Dear Samai ,

Right now, the sun is shining through my window. It feels warm on my muzzle.

I talked about the sun with Guy Worthey. He’s a professor of astronomy and physics at Washington State University.

He told me that our lives depend on the sun.

“The sun keeps you warm and powers everything,” Worthey said. “Without it, Earth would be a frozen nightmare.”

The sun is a yellow dwarf star. It’s made of super-hot gases. Since it isn’t solid, the part of the sun we call the surface is really its inner atmosphere—called the photosphere. If you could stick a thermometer into the photosphere, it would read 10,000 degrees Fahrenheit. But the sun’s outer atmosphere—called the corona—reaches a whopping 3.5 million degrees. Toasty!

Fortunately, the sun is about 93 million miles from Earth. Our planet is in the Goldilocks Zone. That’s the distance from the sun that’s just right—so we’re not too hot or too cold. It’s why Earth has liquid water and supports life.

The average temperature on Earth’s surface is 59 degrees. Compare that with our nearest neighbors. Venus has a temp of 867 degrees, and Mars is a frigid minus 85 degrees.

The sun also provides the energy we need to live. Plants use green organs in the cells of their leaves—called chloroplasts—to collect the sun’s light. Then the plant changes the light energy into chemical energy.

Plants save some of that energy to use later. They store it as complex sugars in the plant’s body. When animals like us eat plants, we get all that stored energy for ourselves. Animals that eat animals—like wild cats chasing down a rabbit or humans enjoying a burger—take in the energy stored by those animals after they ate plants.

This is a picture of the sun. The “clouds” coming off of it are solar prominences. They’re made of the same stuff as the sun—a type of super-hot gas called plasma. Photo: NASA/GSFC/Solar Dynamics Observatory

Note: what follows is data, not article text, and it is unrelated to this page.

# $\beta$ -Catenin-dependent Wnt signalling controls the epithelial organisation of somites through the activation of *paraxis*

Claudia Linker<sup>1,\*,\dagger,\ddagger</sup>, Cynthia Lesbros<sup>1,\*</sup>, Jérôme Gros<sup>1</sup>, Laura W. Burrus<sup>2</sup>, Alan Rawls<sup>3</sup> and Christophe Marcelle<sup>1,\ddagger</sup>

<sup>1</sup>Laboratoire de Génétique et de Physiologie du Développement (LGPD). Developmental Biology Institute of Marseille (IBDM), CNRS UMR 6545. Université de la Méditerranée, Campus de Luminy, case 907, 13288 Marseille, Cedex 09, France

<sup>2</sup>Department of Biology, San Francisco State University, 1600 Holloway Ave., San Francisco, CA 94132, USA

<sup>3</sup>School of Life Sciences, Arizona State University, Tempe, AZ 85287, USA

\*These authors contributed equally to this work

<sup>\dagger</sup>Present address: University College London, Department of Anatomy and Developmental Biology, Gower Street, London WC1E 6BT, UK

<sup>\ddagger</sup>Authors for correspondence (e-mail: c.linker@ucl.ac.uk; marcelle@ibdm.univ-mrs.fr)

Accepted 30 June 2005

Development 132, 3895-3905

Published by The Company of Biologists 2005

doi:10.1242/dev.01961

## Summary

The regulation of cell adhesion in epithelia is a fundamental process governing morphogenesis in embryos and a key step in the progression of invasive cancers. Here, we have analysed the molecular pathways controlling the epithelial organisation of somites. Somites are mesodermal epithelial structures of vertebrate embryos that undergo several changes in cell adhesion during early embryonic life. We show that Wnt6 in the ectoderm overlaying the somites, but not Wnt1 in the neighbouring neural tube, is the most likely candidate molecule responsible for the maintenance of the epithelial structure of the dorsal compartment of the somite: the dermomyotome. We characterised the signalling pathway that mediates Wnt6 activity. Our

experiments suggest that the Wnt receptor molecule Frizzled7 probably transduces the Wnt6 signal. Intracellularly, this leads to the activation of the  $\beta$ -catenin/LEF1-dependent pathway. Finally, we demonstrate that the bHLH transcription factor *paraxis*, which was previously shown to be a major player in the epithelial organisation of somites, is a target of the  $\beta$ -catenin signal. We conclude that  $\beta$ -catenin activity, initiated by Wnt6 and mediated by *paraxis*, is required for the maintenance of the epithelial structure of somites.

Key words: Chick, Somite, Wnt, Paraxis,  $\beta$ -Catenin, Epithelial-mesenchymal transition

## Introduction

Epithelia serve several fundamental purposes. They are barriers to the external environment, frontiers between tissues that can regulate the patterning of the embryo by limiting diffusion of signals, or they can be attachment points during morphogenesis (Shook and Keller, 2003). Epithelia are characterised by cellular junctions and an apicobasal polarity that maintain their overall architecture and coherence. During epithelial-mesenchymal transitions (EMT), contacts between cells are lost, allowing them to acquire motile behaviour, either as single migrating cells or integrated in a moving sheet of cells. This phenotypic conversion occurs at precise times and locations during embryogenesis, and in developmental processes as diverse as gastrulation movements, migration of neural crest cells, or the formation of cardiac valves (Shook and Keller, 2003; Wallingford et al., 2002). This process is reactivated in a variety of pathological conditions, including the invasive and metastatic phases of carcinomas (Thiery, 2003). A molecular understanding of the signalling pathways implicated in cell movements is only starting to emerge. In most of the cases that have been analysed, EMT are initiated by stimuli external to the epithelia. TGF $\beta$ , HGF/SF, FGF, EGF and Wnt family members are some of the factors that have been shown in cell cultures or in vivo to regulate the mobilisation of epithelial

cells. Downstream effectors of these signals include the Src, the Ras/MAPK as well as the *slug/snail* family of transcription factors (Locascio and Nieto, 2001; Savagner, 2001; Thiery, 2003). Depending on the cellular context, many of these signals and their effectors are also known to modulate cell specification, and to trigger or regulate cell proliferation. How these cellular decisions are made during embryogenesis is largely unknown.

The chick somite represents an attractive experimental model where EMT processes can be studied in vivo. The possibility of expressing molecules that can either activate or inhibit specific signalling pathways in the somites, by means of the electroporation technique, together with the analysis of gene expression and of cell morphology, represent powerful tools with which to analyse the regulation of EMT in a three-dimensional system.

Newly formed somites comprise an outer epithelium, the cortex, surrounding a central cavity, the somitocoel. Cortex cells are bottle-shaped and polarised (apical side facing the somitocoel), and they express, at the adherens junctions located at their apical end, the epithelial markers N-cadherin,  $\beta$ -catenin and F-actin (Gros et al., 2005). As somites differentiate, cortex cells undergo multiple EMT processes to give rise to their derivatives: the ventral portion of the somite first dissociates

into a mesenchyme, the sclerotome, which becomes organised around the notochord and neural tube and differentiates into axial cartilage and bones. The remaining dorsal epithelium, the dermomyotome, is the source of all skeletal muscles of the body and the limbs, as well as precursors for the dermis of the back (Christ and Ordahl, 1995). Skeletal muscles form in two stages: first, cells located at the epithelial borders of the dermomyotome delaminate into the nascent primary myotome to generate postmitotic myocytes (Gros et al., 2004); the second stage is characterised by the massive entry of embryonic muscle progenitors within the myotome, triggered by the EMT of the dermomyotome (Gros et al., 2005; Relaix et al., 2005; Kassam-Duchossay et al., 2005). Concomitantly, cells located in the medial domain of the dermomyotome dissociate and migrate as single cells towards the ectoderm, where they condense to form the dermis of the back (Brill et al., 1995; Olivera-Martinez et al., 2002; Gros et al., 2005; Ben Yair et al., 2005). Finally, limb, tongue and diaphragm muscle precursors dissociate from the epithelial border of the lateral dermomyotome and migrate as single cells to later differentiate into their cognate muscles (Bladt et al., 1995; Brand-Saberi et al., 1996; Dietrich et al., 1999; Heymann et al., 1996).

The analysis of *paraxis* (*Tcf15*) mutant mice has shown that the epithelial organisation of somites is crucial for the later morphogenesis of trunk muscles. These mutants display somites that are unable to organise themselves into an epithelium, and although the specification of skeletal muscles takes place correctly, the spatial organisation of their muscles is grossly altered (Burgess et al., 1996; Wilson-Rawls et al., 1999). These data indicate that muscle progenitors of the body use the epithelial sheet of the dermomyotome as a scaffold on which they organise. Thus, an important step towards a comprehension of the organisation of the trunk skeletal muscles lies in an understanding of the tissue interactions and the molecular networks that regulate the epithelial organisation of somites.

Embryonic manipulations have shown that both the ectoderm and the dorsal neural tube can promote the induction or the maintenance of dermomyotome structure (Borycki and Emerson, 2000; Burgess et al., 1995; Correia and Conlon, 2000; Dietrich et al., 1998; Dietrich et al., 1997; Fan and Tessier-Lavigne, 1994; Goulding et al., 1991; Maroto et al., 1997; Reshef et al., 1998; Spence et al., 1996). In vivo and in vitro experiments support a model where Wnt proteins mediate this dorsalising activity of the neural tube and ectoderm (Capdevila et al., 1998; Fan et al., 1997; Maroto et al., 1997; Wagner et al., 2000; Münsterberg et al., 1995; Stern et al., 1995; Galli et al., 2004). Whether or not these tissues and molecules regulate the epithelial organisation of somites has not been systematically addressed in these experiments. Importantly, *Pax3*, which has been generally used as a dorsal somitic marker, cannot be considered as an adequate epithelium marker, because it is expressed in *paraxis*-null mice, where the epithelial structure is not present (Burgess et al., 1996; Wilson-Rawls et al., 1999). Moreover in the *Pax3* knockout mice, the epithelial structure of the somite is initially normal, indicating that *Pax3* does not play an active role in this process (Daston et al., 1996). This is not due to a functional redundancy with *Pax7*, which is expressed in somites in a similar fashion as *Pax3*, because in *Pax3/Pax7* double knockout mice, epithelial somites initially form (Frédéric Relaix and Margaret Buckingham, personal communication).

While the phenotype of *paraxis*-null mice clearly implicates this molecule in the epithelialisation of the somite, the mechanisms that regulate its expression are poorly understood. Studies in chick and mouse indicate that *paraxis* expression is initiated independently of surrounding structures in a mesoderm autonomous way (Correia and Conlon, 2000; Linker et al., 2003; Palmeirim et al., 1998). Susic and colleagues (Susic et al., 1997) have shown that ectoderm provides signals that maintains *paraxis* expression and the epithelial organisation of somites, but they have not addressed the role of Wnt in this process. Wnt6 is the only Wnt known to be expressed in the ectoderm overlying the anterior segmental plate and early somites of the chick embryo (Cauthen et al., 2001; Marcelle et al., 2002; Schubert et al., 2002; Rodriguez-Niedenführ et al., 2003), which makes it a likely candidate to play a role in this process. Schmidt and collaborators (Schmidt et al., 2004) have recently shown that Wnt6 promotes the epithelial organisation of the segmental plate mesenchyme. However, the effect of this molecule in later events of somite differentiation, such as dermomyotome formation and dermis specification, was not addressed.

The third thing the sun does is hold Earth in its orbit. The sun pulls on the Earth just like the Earth pulls on your body so you don’t float off into space. But Earth is moving really fast. As the sun pulls and the Earth moves, we wind up orbiting around the sun.

So, what would happen if the sun disappeared?

“We would go sailing away into interstellar space,” Worthey said. “We would leave our buddies like Venus and Mars. We would keep the moon, but we wouldn’t be able to see it because everything would be dark.”

Without the sun pulling on it, Earth would zoom off, traveling nearly 19 miles per second. Without the sun’s light, it would be completely dark, and plants wouldn’t be able to make food. That means no food for animals either.

Plus, it would be seriously cold. Worthey told me that, if you take away the sun’s heat, the universe’s temperature is 3 degrees above absolute zero.

Absolute zero means the lowest temperature possible. That’s about minus 459 degrees. At that temp, all the atoms that make up everything will basically stop moving.

It’s hard to imagine what that would be like—but we don’t need to worry about it. Our star will be there shining down on us for billions of years to come. For us, it’s sun-stoppable.


Dr. Universe